Final draft guidance from the National Institute for Health and Clinical Excellence (NICE) now recommends the use of Takeda's Mepact (mifamurtide) when it is made available at reduced cost to the NHS under a Patient Access Scheme (PAS).
The draft guidance backs the use of Mepact in combination with postoperative multi-agent chemotherapy as an option for treating high-grade resectable non-metastic osteosarcoma under these financial conditions. It reverses NICE's earlier draft decision, issued last October, not to recommend the drug's use because of the "exceptionally high cost the NHS is being asked to pay" for it and the "substantial uncertainty around how much extra benefit it could offer over and above currently-available treatments."
However, the Institute's independent appraisal committee has now re-examined the evidence, following a clarification from the NICE Board on how discounting should be applied in cases where treatment benefits are realised over a very long time period. The committee has concluded that Mepact, when added to the usual treatment with surgery and chemotherapy, increases the number of patients who are effectively cured of their cancer.
The members found that while the number of additional patients who would benefit in this way is small and uncertain (estimating increased overall survival by an extra seven people for every 100 treated), the treatment effects are substantial in restoring health and are sustained over a very long period. Patients who are cured continue to benefit for the rest of their lives, and the clarification from the Board provided guidance on how discount rates can be applied in this circumstance, says NICE.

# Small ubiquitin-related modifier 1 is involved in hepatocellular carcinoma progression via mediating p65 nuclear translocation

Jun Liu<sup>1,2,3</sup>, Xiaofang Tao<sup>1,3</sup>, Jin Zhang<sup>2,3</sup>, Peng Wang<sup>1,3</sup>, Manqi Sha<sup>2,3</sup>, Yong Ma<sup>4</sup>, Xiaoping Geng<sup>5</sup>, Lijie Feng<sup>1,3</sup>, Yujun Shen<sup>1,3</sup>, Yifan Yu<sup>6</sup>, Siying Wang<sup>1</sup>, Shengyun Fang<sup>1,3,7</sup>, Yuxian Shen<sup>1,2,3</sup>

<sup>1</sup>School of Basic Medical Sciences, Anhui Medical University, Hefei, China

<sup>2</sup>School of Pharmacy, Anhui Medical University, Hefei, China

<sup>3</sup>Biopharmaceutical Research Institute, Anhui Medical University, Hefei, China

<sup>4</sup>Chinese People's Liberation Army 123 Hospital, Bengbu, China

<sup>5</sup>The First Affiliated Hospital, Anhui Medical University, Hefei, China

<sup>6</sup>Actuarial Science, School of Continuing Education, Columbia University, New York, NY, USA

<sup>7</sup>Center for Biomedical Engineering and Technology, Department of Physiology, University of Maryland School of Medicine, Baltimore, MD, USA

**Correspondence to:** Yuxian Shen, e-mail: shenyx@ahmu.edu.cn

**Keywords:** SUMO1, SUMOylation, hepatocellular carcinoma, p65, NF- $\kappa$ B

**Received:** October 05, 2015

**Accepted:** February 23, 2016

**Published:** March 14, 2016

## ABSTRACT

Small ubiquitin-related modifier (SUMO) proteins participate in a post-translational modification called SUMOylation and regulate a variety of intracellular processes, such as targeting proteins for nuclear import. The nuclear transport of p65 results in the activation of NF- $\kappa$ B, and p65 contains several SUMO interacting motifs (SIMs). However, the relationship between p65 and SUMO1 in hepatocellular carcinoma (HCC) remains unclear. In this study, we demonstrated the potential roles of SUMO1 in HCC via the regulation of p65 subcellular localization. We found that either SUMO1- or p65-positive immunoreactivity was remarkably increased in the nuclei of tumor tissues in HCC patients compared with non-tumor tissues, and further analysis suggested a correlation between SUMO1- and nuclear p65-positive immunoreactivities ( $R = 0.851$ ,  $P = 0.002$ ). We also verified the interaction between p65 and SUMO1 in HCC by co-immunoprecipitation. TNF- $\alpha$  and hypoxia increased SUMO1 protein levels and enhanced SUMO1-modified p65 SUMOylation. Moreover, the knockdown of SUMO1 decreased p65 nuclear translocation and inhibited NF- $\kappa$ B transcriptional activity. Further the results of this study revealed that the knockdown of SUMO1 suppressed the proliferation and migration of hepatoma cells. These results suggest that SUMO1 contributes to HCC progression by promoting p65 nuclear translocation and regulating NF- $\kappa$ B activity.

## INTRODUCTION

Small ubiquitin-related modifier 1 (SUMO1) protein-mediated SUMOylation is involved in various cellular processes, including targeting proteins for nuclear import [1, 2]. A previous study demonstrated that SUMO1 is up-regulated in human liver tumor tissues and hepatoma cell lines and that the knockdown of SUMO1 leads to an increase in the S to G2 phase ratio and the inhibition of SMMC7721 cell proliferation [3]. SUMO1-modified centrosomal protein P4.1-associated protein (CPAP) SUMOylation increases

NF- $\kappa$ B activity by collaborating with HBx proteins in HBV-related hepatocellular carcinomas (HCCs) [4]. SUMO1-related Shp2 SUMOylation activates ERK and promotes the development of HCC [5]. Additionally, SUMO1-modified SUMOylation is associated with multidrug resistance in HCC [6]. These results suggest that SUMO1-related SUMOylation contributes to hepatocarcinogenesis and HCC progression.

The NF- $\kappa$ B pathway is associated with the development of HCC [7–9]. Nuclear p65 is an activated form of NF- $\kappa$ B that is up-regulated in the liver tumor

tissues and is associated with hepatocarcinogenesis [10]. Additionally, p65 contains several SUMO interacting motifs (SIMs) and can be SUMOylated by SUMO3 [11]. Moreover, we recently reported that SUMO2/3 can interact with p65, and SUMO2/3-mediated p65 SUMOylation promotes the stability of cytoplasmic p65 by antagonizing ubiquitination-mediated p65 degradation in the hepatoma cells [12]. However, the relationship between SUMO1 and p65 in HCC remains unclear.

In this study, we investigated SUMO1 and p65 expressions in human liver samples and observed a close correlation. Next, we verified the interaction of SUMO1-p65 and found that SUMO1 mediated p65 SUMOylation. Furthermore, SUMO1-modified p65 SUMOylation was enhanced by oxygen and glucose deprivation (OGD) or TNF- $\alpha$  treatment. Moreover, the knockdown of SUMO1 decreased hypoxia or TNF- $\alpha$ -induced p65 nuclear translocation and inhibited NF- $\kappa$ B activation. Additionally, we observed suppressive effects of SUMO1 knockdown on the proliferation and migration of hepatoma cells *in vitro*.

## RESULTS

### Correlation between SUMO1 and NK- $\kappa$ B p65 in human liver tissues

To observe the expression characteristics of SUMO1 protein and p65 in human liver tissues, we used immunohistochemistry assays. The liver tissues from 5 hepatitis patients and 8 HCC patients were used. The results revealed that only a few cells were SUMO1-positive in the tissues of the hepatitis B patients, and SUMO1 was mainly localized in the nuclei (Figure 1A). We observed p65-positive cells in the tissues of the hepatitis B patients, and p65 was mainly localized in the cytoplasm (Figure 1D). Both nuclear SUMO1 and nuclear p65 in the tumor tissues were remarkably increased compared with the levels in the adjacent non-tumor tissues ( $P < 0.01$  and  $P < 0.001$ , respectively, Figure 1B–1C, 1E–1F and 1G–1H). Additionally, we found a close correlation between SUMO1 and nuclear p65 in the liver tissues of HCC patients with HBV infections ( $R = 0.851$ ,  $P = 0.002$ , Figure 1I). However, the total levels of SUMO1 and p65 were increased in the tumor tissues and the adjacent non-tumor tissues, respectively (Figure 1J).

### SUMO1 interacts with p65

In considering the evidence, the appraisal committee's view was that health-related quality of life may not have been adequately captured in the economic analysis, and the members were also "mindful of the innovative nature of the drug for a rare disease," says the Institute. Having noted the Board's clarification on discounting, and taken all other aspects into account - including the price discount that Takeda has agreed with the Department of Health - the appraisal committee concluded that Mepact could be accepted as a cost-effective use of NHS resources.
The Board's clarification, along with a revised PAS, means that the extra cost per unit of health gained that the NHS will be asked to pay for Mepact is now lower than previously determined, at a best-case probabilistic incremental cost-effectiveness ratio (ICER) of £36,000 per quality-adjusted life year (QALY) gained, compared to an earlier esteemed of £56,700 per QALY gained. However, this is still above the normal range.
The committee had "looked again very carefully in every way possible at whether there might be a case for accepting this higher than normally accepted extra cost per unit of health gained," said NICE chief executive Sir Andrew Dillon.
"This included considering the curative potential of the drug for some people, that this is a small patient population with a rare disease, and whether the change in health-related quality of life had been inadequately captured in the economic analysis," said Sir Andrew, who added that this appraisal has "raised some important methodological issues."
Although rare, osteosarcoma is the most common form of bone cancer, with around 150 new cases diagnosed each year in the UK. It is estimated that around 60 people could be treated under this draft recommendation.
The draft guidance is available for comment until September 21.